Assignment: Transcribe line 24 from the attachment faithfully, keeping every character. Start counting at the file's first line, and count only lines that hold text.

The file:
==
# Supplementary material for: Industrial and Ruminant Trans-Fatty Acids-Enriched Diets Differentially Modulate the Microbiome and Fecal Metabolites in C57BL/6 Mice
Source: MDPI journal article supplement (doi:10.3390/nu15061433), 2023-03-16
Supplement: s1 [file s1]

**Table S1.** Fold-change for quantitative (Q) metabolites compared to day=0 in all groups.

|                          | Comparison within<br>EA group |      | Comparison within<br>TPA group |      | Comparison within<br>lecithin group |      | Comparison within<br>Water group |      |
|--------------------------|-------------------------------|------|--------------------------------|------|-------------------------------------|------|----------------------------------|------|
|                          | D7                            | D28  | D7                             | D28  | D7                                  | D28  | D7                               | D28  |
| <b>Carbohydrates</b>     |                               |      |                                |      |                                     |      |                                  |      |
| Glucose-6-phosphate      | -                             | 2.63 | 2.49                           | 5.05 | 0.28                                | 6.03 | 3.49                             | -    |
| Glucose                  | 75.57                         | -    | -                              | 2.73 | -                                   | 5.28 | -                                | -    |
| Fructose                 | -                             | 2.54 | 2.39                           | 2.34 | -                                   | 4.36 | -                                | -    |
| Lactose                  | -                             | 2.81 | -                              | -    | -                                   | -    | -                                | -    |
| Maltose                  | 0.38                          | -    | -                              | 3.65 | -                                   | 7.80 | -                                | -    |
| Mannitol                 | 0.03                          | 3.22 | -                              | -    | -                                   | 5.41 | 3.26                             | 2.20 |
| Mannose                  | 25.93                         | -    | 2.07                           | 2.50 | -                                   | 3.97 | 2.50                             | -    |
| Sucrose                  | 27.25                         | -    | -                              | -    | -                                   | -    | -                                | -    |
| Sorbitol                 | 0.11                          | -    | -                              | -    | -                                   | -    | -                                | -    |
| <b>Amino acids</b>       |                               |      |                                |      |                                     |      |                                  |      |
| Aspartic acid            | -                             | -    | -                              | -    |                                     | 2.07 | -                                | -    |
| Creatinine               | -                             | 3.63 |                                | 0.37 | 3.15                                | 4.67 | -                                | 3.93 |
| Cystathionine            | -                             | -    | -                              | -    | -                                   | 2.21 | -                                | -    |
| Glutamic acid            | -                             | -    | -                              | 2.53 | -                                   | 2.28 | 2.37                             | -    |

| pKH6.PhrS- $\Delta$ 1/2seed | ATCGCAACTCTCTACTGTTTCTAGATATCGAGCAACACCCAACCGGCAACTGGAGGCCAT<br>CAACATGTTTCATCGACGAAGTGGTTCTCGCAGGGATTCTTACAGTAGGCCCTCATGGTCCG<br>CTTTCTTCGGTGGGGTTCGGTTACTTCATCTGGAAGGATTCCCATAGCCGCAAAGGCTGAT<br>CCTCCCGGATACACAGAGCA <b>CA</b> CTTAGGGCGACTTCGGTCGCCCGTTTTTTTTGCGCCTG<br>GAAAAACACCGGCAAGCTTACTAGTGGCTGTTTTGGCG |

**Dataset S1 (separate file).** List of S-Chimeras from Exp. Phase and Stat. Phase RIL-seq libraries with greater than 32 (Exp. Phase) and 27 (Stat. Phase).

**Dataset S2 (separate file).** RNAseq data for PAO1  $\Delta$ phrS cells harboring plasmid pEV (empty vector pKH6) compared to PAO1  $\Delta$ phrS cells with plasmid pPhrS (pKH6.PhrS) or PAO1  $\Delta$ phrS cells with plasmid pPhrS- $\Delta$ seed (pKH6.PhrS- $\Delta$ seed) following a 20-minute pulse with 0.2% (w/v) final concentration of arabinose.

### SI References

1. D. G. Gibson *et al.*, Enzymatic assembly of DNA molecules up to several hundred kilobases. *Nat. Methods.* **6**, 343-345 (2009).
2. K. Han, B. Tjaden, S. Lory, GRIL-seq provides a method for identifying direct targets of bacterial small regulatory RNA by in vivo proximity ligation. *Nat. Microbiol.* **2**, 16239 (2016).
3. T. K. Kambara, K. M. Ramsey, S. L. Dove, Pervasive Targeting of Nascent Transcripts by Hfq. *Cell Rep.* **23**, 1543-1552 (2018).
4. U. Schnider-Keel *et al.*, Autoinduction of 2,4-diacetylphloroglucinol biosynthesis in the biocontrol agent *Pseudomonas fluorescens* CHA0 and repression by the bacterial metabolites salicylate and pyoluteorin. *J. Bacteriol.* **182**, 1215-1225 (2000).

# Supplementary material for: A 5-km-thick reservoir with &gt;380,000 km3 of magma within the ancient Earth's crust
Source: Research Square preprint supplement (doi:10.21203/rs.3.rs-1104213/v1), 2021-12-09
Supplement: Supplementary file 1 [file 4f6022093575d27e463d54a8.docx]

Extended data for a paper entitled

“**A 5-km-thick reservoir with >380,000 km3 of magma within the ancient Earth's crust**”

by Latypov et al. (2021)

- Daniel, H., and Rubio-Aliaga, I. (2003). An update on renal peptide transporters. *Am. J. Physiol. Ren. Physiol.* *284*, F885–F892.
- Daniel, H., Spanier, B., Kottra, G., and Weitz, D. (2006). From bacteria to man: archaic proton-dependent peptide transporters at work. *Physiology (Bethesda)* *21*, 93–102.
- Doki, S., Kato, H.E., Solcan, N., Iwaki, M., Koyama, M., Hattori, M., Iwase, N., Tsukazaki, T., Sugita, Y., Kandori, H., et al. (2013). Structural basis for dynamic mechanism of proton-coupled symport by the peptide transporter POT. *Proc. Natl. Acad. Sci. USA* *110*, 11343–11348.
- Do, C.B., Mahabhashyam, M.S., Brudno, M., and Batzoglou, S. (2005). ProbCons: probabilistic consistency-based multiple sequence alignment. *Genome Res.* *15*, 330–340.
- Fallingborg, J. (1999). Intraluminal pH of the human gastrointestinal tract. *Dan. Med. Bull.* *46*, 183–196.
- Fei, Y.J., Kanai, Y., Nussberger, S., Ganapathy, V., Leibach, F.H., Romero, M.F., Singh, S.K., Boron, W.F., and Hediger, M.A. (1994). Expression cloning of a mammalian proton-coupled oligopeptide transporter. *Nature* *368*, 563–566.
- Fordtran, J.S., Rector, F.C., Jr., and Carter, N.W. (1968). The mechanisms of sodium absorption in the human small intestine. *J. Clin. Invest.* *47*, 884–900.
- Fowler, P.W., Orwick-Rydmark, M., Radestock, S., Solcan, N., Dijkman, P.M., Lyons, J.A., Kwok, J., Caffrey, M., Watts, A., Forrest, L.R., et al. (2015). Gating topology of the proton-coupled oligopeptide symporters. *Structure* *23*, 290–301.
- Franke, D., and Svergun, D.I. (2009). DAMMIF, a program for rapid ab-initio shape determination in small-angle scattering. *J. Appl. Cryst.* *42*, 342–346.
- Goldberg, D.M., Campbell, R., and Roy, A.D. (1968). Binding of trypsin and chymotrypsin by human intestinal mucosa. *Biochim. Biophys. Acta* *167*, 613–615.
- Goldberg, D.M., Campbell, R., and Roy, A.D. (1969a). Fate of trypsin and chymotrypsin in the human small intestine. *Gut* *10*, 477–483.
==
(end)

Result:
**Dataset S1 (separate file).** List of S-Chimeras from Exp. Phase and Stat. Phase RIL-seq libraries with greater than 32 (Exp. Phase) and 27 (Stat. Phase).